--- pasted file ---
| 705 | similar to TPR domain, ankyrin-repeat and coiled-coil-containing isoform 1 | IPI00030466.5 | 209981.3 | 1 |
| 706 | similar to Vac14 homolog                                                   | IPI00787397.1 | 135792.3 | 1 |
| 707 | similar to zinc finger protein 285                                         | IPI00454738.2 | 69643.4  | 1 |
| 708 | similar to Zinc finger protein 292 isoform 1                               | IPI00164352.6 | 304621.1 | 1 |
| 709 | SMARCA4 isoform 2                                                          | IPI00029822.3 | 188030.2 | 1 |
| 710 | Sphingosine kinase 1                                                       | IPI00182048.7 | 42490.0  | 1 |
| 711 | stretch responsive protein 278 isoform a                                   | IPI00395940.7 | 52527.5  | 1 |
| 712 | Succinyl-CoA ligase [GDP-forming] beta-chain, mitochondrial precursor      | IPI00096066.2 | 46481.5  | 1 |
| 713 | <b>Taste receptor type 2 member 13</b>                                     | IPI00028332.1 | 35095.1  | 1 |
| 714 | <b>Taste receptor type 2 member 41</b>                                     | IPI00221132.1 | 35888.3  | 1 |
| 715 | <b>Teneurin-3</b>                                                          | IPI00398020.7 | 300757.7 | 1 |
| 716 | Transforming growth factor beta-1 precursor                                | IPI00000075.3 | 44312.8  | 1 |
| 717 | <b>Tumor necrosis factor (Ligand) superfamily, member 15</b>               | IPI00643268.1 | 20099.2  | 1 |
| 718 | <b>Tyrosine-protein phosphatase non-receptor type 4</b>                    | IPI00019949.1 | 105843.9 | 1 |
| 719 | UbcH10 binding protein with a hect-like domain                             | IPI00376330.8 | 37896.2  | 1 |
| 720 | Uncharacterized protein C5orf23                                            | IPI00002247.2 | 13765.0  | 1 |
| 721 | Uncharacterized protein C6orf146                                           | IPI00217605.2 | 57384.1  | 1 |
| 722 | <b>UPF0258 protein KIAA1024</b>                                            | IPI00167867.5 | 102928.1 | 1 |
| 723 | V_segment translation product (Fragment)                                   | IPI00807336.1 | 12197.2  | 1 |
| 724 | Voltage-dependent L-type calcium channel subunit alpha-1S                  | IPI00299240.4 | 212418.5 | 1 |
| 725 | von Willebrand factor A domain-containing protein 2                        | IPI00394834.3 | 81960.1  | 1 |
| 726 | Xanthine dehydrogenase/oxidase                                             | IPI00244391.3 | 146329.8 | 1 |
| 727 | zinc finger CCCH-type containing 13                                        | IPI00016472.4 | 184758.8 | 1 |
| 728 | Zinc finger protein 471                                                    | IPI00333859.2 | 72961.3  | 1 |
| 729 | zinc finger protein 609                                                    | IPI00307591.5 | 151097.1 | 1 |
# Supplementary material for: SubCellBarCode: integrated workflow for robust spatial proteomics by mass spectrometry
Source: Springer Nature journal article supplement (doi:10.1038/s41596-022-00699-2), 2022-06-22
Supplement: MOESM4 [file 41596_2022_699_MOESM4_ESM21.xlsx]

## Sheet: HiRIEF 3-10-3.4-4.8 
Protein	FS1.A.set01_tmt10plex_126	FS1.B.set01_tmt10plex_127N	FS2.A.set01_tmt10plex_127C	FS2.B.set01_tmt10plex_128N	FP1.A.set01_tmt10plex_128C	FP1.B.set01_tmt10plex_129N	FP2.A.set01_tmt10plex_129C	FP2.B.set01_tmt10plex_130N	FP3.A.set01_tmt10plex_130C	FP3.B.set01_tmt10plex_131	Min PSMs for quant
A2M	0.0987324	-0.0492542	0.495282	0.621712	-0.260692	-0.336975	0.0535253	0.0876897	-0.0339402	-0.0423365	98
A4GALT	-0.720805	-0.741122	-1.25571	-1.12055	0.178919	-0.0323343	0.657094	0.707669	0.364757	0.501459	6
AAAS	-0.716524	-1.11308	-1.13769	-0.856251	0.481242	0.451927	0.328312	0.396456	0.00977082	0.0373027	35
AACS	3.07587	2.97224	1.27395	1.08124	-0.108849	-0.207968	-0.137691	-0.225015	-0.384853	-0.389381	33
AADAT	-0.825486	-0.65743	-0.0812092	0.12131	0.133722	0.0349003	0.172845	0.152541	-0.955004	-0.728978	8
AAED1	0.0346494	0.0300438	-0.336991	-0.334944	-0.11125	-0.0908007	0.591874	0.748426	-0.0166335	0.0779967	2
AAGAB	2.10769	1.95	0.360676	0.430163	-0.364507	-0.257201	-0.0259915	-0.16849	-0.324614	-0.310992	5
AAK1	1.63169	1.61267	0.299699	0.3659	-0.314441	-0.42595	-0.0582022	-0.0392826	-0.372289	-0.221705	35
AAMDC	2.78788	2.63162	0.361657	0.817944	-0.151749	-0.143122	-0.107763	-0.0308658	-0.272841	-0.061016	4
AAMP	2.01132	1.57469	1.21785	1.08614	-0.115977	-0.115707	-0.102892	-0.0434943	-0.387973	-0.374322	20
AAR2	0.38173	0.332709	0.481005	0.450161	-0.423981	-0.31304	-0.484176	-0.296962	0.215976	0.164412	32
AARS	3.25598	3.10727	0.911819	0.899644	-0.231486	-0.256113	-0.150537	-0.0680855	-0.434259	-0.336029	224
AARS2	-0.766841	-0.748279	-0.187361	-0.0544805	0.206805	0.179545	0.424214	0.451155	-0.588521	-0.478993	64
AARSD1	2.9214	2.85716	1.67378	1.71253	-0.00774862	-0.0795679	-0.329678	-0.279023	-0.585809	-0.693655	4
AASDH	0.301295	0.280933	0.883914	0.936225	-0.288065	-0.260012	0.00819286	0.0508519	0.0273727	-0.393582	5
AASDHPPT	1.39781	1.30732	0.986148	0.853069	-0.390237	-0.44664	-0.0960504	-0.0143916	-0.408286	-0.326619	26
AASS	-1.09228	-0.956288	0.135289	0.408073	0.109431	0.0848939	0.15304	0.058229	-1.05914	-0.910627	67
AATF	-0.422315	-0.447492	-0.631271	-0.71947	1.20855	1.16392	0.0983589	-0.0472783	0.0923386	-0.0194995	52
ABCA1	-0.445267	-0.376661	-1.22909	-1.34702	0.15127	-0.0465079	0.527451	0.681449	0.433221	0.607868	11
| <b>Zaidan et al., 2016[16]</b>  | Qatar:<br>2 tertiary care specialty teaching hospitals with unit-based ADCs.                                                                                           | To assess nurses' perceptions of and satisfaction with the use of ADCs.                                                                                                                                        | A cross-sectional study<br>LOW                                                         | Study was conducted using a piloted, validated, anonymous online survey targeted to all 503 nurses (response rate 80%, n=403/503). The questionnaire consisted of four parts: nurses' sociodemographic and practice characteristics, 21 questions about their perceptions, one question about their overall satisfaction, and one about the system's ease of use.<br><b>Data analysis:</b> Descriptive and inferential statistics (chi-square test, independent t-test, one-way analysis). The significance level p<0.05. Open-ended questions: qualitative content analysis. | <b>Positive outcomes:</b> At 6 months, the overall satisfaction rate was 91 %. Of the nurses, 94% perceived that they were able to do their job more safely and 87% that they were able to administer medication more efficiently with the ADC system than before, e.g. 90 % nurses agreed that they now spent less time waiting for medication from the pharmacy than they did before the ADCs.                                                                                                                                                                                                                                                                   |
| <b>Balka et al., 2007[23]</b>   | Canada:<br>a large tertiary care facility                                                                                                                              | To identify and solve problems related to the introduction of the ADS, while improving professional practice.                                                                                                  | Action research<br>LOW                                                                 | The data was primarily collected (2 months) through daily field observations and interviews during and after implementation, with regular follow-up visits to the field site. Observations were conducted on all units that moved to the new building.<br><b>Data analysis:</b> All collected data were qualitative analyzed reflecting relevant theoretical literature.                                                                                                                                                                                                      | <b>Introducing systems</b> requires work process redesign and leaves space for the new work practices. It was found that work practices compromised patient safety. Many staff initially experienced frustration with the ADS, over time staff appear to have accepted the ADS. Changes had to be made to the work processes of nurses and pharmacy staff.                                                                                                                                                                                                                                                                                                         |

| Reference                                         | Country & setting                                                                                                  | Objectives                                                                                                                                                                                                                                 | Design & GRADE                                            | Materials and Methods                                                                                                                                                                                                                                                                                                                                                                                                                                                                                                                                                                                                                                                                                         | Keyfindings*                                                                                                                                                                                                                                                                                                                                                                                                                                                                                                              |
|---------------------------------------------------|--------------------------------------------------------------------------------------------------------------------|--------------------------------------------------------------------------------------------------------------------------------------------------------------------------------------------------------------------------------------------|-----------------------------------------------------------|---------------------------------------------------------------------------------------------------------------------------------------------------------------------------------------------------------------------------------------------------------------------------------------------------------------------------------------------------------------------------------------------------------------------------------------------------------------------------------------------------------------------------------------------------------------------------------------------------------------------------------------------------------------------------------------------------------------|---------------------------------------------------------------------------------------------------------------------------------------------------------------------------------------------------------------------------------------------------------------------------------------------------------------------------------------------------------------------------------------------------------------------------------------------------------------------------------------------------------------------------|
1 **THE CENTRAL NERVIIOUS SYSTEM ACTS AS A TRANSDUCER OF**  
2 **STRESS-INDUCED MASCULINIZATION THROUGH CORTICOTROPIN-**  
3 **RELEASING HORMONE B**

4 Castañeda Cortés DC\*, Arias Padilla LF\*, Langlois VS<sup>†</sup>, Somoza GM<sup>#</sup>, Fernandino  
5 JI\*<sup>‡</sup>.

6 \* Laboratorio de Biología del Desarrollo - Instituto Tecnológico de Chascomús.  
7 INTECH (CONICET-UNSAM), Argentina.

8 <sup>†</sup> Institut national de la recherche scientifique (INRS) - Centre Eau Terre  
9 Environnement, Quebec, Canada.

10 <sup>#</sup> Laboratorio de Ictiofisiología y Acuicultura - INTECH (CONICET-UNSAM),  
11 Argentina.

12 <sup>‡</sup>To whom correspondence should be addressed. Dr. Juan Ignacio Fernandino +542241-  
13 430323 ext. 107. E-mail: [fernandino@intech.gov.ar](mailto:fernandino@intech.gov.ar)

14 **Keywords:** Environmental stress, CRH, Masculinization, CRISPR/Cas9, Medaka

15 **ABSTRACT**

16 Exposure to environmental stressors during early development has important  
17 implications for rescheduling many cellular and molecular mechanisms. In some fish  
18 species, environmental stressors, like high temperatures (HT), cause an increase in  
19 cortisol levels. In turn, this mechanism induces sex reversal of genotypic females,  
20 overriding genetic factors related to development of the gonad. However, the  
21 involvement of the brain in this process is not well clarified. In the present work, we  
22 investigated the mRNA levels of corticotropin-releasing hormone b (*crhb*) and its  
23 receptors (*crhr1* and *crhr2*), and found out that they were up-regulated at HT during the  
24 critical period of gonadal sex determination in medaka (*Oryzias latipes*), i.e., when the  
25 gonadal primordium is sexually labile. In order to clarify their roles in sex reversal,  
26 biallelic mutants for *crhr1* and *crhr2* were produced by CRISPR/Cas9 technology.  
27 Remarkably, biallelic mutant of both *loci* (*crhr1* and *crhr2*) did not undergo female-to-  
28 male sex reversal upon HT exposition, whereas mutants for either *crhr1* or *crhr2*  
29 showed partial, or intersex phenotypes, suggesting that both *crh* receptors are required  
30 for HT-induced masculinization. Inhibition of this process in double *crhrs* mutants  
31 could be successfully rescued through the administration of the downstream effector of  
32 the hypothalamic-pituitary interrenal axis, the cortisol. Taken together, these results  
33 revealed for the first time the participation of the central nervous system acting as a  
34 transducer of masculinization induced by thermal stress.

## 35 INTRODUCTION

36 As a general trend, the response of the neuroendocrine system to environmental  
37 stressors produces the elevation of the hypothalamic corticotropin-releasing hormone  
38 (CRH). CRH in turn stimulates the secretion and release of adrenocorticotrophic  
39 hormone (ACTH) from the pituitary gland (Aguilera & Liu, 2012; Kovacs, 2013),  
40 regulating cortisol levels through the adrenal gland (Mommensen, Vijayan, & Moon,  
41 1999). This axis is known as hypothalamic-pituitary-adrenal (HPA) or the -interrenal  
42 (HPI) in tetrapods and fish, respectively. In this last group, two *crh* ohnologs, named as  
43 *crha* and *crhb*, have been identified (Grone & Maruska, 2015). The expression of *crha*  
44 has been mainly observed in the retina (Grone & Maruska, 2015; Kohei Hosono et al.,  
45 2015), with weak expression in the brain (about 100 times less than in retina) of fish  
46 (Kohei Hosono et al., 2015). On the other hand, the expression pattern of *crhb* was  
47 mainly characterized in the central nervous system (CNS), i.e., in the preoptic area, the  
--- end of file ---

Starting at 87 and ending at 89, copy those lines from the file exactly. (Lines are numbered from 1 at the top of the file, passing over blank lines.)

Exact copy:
34 transducer of masculinization induced by thermal stress.

## 35 INTRODUCTION

36 As a general trend, the response of the neuroendocrine system to environmental  